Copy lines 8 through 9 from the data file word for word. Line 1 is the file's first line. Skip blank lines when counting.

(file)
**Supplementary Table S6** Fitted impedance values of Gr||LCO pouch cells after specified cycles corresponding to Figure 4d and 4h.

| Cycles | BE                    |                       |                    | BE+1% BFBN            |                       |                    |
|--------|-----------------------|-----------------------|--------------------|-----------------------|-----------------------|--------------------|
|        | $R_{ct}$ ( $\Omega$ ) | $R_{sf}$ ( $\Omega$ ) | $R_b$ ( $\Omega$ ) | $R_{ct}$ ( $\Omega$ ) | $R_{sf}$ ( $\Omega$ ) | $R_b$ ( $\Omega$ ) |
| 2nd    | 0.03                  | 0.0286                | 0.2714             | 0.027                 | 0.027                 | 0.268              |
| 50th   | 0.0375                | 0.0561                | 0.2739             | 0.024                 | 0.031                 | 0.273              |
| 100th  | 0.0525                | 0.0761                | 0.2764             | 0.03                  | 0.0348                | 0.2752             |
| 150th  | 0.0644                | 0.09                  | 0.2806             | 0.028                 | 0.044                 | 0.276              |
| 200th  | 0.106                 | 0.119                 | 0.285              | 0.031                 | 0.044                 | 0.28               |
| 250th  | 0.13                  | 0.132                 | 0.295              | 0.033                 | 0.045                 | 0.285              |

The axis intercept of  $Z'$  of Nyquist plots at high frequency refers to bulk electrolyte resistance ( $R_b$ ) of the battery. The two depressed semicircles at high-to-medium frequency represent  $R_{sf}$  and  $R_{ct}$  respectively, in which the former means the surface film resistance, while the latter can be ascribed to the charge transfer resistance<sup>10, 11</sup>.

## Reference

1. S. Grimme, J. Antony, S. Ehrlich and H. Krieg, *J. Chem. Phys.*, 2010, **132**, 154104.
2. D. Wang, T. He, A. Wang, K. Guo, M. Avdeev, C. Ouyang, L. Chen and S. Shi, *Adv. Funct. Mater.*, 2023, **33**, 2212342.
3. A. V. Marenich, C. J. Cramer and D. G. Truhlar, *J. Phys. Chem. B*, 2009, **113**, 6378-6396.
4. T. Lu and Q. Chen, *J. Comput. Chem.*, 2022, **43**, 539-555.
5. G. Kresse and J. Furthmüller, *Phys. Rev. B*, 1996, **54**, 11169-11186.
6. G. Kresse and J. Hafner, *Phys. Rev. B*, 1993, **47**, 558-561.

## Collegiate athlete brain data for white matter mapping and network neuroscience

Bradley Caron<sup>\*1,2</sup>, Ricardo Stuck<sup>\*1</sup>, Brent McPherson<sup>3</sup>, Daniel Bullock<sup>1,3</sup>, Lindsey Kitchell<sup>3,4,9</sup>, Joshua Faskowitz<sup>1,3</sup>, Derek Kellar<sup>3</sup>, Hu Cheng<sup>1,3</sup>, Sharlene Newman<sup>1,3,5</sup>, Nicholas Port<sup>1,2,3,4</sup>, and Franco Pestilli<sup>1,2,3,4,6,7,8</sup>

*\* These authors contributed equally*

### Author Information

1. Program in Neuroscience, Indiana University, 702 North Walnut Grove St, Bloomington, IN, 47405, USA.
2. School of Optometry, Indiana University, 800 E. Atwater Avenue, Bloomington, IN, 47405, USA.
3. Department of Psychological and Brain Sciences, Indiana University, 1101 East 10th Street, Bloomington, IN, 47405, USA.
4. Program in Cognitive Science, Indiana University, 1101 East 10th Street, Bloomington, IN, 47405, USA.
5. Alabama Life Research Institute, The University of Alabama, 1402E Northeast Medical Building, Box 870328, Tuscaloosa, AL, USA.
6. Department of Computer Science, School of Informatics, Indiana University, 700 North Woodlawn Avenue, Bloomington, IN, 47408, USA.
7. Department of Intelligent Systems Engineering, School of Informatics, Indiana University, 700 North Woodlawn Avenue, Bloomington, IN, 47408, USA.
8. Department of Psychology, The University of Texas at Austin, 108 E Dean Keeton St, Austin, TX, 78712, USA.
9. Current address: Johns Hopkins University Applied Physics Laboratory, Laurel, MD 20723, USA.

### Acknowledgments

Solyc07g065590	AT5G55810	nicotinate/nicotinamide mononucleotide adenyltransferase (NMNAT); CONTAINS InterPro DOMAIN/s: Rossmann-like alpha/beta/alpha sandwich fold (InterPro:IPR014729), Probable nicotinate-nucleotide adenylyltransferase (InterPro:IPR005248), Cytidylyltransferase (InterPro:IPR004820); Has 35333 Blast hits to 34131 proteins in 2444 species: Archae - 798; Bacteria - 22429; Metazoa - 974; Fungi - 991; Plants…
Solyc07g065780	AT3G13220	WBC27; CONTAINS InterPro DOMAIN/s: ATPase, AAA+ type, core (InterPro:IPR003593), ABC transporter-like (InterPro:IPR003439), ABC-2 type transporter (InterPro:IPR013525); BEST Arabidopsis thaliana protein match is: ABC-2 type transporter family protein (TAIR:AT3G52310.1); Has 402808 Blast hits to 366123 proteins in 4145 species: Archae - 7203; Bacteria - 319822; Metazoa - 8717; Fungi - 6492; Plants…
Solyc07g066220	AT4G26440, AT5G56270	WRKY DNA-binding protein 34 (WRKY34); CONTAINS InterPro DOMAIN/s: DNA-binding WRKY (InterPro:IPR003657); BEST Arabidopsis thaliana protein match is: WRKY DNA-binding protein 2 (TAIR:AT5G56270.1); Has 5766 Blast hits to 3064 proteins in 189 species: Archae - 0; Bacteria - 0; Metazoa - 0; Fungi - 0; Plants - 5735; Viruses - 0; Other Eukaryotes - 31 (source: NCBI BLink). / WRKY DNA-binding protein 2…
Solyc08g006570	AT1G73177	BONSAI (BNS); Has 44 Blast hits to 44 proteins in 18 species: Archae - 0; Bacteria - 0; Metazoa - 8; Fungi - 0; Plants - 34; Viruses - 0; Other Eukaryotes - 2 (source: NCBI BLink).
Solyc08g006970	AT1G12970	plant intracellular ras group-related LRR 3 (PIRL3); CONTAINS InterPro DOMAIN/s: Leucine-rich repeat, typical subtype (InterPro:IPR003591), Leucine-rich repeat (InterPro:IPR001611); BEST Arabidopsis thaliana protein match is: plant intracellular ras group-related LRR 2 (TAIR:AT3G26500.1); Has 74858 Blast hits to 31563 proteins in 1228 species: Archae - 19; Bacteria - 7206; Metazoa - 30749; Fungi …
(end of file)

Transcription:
| 150th  | 0.0644                | 0.09                  | 0.2806             | 0.028                 | 0.044                 | 0.276              |
| 200th  | 0.106                 | 0.119                 | 0.285              | 0.031                 | 0.044                 | 0.28               |